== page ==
Kendrick Lamar & Collaborators Revisit The Darkest Moment In His Career

Art and music connoisseurs have crafted countless thinkpieces, articles, and dissertations attempting to uncover the depths of Kendrick Lamar’s To Pimp A Butterfly. Spotify’s The Big Hit Show was gifted the honor of conversing with the legendary musicians responsible for the album’s conception, offering a glimpse into the nearly immeasurable layers the project has to offer.


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On February 16th, The Big Hit Show released an episode titled “Hello Kendrick” – a nearly hour long explication of the inner workings of Kendrick Lamar’s mind prior to recording and releasing TPAB. A multitude of perspectives were present throughout, as collaborators and longtime friends detailed the nature of this creation. While the numerous sonic inspirations were illuminated through in-depth analysis, a single focal point of the documentation stood out: the dark, vast emptiness that comes with becoming a star.

Alex Pappademas, host of The Big Hit Show, shifted the core of the conversation from Kendrick reaching his zenith with the track “King Kunta,” to the internal turmoil, plaguing and eating away at him in the harrowing piece titled “U”:

To Pimp a Butterfly is musically fearless– the work of somebody who’s as fired-up creatively as he’s ever been. But on an even deeper level it’s a work born from a place of crisis and confusion. It’s Kendrick wrestling with temptation and survivors’ guilt and the knowledge that people want something more from the best rapper alive than just raps.”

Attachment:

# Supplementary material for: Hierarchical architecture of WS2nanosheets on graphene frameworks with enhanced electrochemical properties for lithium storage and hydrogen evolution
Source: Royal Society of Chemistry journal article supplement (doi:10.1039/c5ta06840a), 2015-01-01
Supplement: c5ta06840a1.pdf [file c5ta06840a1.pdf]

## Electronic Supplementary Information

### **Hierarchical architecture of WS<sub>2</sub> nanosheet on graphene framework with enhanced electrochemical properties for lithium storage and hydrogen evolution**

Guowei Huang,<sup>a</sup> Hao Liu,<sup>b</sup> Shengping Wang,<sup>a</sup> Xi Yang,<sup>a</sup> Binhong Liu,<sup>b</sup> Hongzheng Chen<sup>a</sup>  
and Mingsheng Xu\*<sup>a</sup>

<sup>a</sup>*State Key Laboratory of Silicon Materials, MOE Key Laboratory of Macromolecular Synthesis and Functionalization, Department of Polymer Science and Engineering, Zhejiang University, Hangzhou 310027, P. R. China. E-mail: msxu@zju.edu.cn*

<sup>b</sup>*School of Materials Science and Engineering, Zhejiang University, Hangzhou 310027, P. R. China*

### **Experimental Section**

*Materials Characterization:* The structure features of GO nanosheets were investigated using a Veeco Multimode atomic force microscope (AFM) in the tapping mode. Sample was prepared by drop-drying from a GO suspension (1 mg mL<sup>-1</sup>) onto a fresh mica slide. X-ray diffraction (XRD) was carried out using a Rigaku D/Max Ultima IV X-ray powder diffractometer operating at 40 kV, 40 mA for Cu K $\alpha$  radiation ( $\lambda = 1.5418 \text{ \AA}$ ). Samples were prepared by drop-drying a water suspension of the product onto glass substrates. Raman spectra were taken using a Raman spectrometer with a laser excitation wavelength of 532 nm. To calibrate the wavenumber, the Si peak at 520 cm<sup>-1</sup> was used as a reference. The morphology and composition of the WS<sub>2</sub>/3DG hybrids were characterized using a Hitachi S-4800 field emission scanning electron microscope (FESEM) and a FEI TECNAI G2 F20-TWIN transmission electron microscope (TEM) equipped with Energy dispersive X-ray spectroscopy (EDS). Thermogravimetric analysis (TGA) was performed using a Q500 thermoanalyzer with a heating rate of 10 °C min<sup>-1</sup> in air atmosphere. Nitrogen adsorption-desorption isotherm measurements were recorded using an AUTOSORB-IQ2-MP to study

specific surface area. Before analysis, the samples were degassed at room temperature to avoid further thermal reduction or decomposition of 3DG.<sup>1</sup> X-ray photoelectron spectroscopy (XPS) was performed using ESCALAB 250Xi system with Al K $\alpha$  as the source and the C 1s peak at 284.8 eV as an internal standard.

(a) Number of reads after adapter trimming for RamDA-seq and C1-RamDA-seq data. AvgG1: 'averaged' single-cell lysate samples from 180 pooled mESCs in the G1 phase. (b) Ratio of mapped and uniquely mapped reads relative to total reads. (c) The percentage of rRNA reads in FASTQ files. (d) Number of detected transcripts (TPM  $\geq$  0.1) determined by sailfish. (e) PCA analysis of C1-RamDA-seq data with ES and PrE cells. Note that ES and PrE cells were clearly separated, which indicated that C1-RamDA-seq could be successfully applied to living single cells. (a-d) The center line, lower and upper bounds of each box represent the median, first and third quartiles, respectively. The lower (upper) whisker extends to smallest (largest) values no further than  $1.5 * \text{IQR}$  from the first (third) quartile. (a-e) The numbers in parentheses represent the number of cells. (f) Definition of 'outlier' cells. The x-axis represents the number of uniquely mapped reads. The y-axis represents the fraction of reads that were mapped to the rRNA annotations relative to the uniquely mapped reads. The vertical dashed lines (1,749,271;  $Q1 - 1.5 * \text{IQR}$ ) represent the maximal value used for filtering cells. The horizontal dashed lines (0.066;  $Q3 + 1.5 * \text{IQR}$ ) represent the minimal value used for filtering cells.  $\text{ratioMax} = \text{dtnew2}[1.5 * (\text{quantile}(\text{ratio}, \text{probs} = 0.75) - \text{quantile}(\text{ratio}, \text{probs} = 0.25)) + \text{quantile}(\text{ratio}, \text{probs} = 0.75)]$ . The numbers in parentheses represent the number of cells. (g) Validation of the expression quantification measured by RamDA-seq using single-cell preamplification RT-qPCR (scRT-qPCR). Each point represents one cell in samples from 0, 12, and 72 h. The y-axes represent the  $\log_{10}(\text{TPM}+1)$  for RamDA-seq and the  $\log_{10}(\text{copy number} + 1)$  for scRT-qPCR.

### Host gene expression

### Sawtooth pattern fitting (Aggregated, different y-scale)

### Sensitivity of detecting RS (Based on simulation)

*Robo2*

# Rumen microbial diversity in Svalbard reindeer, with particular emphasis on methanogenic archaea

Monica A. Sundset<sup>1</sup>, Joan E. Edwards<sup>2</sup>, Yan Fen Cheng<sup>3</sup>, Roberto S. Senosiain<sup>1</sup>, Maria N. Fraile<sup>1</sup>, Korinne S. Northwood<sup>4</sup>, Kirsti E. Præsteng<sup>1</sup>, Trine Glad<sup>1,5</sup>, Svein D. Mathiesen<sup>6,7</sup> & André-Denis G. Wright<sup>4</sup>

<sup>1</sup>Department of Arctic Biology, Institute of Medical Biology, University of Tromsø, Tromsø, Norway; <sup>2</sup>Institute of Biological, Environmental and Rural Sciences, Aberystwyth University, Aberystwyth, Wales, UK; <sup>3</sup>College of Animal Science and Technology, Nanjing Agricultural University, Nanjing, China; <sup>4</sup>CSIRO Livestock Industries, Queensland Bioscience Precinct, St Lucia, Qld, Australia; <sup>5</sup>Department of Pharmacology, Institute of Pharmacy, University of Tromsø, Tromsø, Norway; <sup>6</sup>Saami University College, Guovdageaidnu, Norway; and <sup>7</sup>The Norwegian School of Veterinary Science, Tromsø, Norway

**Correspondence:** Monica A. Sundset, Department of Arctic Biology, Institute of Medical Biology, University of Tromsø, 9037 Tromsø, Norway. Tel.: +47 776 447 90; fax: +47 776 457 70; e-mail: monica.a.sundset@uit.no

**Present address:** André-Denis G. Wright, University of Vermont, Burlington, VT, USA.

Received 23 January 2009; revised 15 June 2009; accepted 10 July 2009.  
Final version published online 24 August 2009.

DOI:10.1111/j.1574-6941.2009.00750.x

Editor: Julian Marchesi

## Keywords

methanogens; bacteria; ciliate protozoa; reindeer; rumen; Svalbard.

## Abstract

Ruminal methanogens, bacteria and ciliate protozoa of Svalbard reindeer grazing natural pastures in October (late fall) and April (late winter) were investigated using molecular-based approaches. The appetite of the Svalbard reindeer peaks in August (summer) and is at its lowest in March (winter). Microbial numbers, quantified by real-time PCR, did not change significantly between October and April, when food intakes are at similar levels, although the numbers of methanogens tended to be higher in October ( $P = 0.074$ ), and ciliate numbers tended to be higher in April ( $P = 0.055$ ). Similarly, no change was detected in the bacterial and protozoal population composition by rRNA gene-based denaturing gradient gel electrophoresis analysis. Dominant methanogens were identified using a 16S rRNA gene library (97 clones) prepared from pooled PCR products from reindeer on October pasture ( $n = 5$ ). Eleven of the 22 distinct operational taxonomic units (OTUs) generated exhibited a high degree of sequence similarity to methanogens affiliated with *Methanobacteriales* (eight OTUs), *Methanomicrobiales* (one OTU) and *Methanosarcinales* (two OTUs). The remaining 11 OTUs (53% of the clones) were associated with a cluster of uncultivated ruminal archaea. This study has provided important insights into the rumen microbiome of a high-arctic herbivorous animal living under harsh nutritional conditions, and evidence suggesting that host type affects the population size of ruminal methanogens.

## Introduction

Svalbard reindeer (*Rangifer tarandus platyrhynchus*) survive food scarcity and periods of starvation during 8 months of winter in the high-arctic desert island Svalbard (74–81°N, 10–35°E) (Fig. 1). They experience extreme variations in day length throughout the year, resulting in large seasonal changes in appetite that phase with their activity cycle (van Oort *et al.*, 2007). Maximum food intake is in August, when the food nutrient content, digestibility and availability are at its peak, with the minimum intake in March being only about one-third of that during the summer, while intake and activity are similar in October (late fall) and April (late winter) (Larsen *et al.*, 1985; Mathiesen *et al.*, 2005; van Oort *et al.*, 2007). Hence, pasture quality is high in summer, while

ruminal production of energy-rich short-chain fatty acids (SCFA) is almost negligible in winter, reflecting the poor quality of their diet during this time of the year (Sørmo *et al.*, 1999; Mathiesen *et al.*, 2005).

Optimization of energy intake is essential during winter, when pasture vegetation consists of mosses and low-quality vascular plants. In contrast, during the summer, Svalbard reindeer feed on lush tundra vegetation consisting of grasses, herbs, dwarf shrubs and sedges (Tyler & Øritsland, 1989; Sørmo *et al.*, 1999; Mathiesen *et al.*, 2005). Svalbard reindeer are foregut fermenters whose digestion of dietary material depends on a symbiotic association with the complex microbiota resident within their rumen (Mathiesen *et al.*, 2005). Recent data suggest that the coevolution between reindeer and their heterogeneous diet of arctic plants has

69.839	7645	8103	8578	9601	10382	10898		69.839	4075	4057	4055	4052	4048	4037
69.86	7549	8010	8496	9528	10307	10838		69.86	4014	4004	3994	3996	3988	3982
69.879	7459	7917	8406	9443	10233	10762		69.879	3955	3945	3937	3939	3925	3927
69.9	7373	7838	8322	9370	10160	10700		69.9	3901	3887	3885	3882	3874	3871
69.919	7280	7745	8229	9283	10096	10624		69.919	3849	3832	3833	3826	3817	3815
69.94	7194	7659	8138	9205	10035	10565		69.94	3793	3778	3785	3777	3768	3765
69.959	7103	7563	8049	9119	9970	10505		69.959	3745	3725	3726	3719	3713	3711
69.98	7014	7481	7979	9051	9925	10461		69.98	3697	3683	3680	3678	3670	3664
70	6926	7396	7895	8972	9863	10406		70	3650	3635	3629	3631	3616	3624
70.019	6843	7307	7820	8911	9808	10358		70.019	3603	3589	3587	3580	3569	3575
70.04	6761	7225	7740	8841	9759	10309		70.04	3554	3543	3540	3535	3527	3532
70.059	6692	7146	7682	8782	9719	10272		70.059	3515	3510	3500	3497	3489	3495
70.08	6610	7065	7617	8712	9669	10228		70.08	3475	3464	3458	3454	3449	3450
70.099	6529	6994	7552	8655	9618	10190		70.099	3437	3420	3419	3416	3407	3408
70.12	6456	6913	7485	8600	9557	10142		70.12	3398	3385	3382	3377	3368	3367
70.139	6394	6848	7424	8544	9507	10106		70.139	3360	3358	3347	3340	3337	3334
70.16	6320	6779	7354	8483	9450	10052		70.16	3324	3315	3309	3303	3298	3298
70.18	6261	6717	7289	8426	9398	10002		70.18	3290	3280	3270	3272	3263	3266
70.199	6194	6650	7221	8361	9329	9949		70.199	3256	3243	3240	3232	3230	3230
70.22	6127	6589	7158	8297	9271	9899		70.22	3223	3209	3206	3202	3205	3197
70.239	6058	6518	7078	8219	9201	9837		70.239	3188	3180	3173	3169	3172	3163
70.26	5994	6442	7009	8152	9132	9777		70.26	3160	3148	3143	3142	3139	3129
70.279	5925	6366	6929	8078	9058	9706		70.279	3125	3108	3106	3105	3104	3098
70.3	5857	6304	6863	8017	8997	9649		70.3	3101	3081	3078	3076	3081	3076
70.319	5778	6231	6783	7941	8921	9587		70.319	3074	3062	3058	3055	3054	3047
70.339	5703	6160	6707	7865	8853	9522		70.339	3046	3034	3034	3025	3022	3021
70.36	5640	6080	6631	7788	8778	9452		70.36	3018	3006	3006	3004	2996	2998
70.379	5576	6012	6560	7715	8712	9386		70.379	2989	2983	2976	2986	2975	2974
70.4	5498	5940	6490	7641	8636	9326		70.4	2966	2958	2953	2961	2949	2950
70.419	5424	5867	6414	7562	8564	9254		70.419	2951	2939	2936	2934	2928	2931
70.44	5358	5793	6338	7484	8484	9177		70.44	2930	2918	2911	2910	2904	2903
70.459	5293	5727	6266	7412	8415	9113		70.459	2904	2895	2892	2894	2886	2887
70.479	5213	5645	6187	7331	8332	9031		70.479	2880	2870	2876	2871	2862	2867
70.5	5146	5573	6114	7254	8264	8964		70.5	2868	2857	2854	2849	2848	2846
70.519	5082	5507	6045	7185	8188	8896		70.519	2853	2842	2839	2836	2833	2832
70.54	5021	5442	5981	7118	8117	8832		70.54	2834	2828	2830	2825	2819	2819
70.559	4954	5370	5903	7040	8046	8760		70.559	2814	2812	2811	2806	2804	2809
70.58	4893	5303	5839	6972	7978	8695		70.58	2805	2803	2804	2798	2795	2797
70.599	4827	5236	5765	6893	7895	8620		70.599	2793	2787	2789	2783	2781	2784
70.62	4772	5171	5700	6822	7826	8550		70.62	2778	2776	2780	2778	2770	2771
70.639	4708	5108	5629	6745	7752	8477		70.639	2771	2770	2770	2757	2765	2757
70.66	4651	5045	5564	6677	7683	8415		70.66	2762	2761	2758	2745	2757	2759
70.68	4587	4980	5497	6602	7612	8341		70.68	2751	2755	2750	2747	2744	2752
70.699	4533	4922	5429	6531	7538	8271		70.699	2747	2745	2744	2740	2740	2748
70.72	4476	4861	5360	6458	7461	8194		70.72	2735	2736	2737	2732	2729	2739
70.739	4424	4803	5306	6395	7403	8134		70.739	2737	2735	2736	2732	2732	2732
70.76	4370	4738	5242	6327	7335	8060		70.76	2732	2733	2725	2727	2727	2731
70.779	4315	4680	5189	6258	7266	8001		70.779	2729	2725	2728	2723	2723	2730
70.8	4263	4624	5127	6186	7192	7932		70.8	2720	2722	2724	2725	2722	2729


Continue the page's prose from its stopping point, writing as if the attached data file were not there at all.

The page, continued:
Pappademas went on to introduce the song in summation, before many of Kendrick’s collaborators began peeling the bandages from the stitched, yet still very much open wound. “In a series of interludes on this album Kendrick reads a poem that mentions waking up screaming in a hotel room. In 2015 he confirmed to NPR that this really happened. ‘The feeling was… How am I influencing so many people on this stage rather than influencing the ones that I have back home?'”

Audibly revisiting the site of the proverbial war was Dave Free, Kendrick’s longtime manager and brother in arms. Citing survivor’s guilt as the perpetually lingering spectre haunting many Compton natives, he detailed a specific situation that thrust Kendrick into a one-on-one conversation with the reaper: “That trauma is so deep and so thick to this day. It’s never-ending, you know? Yeah. Cause there was always something happening. It was just, ‘How close are you to that individual that it happened to?'”

He continues, speaking on their close friend Chad Keaton, who in 2013 lost his life to gun violence while Kendrick Lamar was touring the country and cementing his superstar status. “Chad was a really hard one for Kendrick. It was really hard for him because Chad was younger than us. The little bro. And we talked to him…we were supposed to go see him, and we didn’t even get to see him, but we talked to him on FaceTime. I remember. I’ll never forget it. He FaceTimed me .. And we were on the bus talking to him, and we were telling him, ‘Bro, we’re about to come back and see you. We’re going to try to cut this run short and get back to you,’ and we didn’t make it back to see him before he passed.”

Jason Keaton, older brother of Chad, was sentenced to serve a term in prison as Kendrick Lamar began his ascent in the soundsphere. He asked Kendrick to promise him one thing before making it big: just look out for his lil bro.

Dave expressed how these events impacted both he…

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